# T-BURNER - SOLID PROPELLANT ROCKETS:
Table of Contents:
- What Is T-Burner?
- T-Burner Design
- Usage Of T-Burner
What Is T-Burner?
In contrast to liquid rocket technology, a universally accepted combustion stability rating procedure does not presently exist for full‐scale solid rocket motors. Undertaking stability tests on large full‐scale flight‐hardware rocket motors is expensive, and therefore lower‐cost methods, such as subscale motors, T‐burners, and other test equipment, have been used to assess motor stability.
The best known and most widely used method of gathering combustion stability‐related data is the use of a “T‐burner“, an indirect and limited method that does not use a full‐scale motor. The below figure is a sketch of a standard T‐burner; typically, it has a 1.5‐in. internal diameter double‐ended cylindrical burner vented at its midpoint. Venting can be through a sonic nozzle to the atmosphere or by a pipe connected to a surge tank, which maintains a constant level of pressure in the burner cavity.
T‐burner designs and usage usually concentrate on that portion of the frequency spectrum dealing with expected transverse oscillations in a full‐scale motor. The desired acoustical frequency, to be imposed on the propellant charge as it burns, determines the burner length (i.e., distance between closed ends).
Schematic Diagram of a standard T‐burner
T‐burner – 3 longitudinal mode standing waves (pressure p and velocity v)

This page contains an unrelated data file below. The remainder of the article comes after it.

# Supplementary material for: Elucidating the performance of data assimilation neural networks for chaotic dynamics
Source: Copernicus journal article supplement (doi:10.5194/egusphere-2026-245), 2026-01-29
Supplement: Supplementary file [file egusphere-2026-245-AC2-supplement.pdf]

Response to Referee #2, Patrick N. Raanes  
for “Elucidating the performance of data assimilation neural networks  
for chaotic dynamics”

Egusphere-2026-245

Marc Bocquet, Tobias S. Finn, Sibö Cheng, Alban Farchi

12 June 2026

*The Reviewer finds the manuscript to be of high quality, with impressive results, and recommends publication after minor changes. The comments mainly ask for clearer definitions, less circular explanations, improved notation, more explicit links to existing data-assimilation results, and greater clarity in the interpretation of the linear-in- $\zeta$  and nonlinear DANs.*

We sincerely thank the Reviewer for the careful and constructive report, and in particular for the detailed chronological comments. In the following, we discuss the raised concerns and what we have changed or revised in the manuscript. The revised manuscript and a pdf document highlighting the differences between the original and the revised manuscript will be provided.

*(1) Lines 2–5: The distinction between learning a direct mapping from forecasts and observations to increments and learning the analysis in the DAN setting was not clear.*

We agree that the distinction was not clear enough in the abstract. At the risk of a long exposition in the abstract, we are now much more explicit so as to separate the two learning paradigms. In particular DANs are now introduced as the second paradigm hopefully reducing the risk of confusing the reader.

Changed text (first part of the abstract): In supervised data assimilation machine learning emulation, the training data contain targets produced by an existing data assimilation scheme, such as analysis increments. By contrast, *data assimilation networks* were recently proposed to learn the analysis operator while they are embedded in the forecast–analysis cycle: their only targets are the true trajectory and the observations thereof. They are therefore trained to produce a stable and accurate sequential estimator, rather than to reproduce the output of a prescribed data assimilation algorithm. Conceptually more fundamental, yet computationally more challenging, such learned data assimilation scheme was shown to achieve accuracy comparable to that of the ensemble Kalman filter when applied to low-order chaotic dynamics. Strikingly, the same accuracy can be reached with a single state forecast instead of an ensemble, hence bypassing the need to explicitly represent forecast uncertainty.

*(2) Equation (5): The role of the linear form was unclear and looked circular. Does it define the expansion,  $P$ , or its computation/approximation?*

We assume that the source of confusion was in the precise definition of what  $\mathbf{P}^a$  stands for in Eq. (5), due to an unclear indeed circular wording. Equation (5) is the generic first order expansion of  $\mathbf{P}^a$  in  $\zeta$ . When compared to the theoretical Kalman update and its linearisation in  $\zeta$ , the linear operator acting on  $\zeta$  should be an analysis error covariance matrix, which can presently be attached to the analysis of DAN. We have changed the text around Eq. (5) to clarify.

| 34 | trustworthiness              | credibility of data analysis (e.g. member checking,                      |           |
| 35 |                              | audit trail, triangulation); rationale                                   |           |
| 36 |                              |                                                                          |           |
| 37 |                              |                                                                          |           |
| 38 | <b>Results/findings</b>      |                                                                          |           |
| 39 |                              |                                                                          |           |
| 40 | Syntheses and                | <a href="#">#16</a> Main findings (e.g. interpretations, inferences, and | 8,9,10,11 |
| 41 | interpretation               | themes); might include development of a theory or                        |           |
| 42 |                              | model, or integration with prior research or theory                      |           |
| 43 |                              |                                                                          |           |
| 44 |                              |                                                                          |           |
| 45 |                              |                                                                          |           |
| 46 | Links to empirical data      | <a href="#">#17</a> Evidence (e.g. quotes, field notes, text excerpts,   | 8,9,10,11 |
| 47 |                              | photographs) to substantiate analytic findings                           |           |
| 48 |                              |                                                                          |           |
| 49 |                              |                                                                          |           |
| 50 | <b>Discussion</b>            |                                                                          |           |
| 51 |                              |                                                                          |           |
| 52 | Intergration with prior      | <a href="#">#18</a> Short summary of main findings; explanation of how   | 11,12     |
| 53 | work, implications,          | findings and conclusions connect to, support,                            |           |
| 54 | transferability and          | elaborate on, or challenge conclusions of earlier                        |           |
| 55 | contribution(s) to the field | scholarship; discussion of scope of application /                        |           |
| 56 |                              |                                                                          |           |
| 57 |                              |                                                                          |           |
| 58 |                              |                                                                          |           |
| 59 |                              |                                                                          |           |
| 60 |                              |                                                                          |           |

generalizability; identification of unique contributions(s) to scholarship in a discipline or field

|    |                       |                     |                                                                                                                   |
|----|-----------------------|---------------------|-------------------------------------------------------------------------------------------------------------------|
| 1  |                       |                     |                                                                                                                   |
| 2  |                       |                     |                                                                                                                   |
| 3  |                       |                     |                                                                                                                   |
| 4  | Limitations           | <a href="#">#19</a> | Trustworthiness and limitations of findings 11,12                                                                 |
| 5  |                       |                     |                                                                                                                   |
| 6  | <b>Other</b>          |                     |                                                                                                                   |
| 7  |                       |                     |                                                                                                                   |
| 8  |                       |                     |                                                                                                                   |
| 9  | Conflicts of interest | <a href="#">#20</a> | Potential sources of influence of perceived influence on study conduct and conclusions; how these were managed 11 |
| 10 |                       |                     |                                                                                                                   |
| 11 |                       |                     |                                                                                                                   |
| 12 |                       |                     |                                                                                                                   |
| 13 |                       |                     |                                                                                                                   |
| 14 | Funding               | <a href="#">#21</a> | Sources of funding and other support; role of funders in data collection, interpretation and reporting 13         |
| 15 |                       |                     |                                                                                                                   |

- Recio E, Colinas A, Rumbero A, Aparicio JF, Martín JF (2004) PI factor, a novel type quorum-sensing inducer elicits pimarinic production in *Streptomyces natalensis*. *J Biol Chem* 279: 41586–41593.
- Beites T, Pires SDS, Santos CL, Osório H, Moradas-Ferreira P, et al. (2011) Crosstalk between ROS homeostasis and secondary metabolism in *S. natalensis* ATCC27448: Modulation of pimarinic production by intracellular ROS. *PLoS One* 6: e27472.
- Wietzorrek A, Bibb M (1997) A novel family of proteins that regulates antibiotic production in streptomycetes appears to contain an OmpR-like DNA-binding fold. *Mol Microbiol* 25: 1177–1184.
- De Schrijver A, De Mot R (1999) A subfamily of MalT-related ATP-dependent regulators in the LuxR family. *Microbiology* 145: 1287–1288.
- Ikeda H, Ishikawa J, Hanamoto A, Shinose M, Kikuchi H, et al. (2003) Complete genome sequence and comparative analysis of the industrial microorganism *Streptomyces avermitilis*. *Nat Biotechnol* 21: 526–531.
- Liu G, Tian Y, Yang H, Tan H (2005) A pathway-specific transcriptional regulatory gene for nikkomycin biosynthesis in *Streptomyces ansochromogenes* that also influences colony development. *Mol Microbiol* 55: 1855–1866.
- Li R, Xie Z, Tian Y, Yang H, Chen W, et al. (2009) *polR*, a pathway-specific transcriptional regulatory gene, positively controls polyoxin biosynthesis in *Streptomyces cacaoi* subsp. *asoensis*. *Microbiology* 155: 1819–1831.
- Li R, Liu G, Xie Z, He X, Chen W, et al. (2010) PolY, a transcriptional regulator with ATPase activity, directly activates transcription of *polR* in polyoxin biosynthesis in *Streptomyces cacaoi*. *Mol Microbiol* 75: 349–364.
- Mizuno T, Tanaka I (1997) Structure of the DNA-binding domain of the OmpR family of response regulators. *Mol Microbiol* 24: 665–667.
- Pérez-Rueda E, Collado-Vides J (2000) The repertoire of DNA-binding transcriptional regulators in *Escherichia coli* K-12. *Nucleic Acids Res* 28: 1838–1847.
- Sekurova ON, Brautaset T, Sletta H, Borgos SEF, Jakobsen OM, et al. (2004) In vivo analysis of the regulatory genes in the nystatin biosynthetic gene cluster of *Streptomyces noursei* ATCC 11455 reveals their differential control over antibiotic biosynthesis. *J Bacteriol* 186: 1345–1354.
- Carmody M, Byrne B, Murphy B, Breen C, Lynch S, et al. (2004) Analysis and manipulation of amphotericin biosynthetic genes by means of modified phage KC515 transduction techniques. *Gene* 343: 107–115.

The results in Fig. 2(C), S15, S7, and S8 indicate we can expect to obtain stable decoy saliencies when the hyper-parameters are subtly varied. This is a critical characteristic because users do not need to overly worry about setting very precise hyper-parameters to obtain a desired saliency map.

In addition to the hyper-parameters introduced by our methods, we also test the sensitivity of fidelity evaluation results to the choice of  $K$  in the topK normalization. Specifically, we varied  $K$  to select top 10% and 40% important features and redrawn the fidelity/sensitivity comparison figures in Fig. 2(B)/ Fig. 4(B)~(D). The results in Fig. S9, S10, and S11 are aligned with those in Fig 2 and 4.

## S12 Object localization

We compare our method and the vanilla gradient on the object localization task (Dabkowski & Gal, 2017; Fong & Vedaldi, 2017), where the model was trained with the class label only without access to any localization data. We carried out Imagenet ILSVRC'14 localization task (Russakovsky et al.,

The nozzle location, midway between the ends of the T‐burner, minimizes the attenuation of fundamental longitudinal mode oscillations (in the propellant grain cavity). Theoretically, an acoustic pressure node exists at the center and antinodes occur at the ends of the cavity. Acoustic velocity nodes are out of phase with pressure waves and occur at the ends of the burner.
Propellant charges are often in the shape of disks or cups cemented to the end faces of the burner. The gas velocity in the burner cavity is kept intentionally low (Mach 0.2 or less) compared with velocities in a full‐scale motor. This practice minimizes the influence of velocity‐coupled energy waves and allows the influence of pressure‐coupled waves to be more clearly recognized.
Usage Of T-Burner:
Use of T‐burners for assessing the stability of full‐scale solid rocket motors presupposes the existence of valid theoretical models for phenomena occurring in both the T‐burner and the actual rocket motor; such theories are still not fully validated. In addition to assessing solid rocket motor combustion stability, the T‐burner also is used to evaluate new propellant formulations including the importance of seemingly small changes in ingredients, such as a change in aluminum powder particle size and oxidizer grind method.
Tests with T‐burners are the current standard method of measuring a propellant’s pressure‐coupled response, which is defined as the ratio of the oscillating burning rate over the mean burning rates to the oscillatory pressure over the mean pressure. Pressure coupling, the coupling between acoustic pressure oscillations at the surface of a burning solid propellant with the combustion processes of the propellant, is a most dominant driving mechanism. It is a function of frequency, pressure, and propellant formulation. Pressure‐coupled responses represent a key input to rocket motor stability prediction programs.
Combustion instability is usually addressed during the design process, often through a combination of mathematical simulations, understanding similar problems in other motors, studies of possible changes, and with supporting experimental work (e.g., T‐burners, measuring particle‐size distribution).
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